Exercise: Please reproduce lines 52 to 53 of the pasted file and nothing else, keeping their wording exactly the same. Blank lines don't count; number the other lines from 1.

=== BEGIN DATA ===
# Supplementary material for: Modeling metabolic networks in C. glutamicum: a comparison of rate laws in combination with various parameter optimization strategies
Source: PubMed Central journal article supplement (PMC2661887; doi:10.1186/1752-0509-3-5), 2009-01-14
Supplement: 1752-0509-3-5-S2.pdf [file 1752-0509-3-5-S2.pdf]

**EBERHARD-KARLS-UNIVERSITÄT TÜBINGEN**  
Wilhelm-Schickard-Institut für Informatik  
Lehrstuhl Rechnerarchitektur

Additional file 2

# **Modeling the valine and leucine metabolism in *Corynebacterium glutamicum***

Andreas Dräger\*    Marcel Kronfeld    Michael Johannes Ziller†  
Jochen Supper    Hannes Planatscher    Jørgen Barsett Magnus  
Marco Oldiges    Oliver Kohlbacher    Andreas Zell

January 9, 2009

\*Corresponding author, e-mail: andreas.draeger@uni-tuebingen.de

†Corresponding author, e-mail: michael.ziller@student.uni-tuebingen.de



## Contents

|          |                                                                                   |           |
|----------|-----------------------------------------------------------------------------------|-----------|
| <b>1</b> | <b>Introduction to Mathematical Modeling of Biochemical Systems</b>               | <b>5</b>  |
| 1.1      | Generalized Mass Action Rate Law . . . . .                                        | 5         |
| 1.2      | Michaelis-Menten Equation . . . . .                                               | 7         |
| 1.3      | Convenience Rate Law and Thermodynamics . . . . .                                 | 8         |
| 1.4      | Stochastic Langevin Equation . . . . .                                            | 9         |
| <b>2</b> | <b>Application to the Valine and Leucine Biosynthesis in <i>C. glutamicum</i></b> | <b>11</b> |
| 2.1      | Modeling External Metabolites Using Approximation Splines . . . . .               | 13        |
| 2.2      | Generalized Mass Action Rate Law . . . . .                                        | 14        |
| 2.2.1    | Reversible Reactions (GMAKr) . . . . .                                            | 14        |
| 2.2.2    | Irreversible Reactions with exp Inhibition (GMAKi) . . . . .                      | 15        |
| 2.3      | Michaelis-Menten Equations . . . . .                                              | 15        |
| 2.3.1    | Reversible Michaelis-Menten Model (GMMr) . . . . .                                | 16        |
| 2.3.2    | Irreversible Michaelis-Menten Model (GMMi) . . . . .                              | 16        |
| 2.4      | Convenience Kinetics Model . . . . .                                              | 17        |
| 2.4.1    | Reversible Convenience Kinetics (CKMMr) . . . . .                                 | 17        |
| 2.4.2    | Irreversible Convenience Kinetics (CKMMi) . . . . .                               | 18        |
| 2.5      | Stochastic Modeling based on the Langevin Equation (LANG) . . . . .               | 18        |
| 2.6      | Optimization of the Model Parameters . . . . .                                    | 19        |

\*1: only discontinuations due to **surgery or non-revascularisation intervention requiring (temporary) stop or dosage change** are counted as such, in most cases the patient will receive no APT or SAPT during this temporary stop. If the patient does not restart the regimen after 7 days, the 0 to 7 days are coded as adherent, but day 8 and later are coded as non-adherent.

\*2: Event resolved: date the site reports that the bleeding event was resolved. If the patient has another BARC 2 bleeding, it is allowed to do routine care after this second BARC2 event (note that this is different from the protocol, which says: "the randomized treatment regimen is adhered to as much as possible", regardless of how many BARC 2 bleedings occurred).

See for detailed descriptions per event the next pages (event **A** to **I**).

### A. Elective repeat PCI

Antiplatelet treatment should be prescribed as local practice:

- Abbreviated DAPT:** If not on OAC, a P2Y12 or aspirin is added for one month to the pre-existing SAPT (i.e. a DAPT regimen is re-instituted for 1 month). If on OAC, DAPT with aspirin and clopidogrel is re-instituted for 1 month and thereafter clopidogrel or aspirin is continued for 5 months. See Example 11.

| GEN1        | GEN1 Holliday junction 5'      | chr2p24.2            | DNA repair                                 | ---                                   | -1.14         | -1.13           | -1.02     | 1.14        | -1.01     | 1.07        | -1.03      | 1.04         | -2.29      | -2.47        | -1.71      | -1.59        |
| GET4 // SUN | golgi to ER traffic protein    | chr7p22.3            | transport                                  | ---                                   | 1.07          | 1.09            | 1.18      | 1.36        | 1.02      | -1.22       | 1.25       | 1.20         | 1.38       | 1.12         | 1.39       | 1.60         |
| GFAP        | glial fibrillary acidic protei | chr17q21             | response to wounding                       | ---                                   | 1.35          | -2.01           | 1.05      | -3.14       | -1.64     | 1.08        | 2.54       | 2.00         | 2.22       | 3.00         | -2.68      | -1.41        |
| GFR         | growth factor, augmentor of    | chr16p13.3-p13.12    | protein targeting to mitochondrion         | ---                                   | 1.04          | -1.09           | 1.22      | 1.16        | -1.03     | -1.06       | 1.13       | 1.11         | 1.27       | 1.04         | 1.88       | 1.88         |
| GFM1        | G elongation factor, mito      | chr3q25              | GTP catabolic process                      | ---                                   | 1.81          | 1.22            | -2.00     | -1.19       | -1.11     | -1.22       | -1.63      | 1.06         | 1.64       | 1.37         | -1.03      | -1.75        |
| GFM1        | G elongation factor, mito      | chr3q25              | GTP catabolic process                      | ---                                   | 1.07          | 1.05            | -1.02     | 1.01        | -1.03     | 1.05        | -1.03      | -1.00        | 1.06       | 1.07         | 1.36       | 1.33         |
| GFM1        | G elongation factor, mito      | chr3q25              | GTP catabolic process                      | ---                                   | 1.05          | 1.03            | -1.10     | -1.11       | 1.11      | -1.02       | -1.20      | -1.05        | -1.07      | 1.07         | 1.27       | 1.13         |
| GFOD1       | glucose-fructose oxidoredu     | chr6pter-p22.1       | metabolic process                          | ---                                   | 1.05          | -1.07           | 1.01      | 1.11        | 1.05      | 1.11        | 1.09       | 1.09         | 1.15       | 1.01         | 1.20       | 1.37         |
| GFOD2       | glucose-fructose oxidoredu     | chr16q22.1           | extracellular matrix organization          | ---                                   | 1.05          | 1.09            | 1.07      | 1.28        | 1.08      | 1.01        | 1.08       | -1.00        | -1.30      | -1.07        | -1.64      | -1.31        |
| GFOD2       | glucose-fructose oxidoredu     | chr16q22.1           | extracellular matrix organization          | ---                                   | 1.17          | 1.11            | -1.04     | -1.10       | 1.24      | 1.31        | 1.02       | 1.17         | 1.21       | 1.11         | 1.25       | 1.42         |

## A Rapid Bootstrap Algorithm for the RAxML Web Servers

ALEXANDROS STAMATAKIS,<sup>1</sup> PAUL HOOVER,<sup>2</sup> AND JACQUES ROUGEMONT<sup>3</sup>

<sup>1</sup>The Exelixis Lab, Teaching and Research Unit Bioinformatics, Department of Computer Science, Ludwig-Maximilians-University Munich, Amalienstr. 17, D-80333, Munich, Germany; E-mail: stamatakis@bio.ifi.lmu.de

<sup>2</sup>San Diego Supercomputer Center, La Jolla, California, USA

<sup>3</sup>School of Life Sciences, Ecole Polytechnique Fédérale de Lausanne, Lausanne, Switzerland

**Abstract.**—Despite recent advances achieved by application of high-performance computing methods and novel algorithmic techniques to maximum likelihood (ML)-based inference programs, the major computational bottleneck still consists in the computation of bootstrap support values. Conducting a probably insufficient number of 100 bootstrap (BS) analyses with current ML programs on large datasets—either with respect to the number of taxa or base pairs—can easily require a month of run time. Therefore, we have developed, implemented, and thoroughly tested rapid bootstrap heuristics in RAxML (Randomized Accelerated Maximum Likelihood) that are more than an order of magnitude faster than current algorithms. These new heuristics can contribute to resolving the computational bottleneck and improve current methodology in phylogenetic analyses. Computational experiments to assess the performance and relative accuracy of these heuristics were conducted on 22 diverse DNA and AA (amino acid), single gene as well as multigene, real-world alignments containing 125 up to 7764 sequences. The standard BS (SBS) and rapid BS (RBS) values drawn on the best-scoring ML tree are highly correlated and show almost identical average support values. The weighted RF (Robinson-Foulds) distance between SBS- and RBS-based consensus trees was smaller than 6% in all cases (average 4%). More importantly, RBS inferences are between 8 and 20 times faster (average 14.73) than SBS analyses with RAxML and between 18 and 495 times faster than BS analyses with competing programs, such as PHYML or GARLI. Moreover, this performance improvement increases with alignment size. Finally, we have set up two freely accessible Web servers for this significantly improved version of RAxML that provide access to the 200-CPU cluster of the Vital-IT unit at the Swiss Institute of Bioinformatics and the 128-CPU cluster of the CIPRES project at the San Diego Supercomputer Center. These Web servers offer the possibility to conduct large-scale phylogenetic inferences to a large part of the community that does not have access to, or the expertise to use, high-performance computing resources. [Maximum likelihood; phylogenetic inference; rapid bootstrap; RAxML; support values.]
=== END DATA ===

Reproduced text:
## A Rapid Bootstrap Algorithm for the RAxML Web Servers

ALEXANDROS STAMATAKIS,<sup>1</sup> PAUL HOOVER,<sup>2</sup> AND JACQUES ROUGEMONT<sup>3</sup>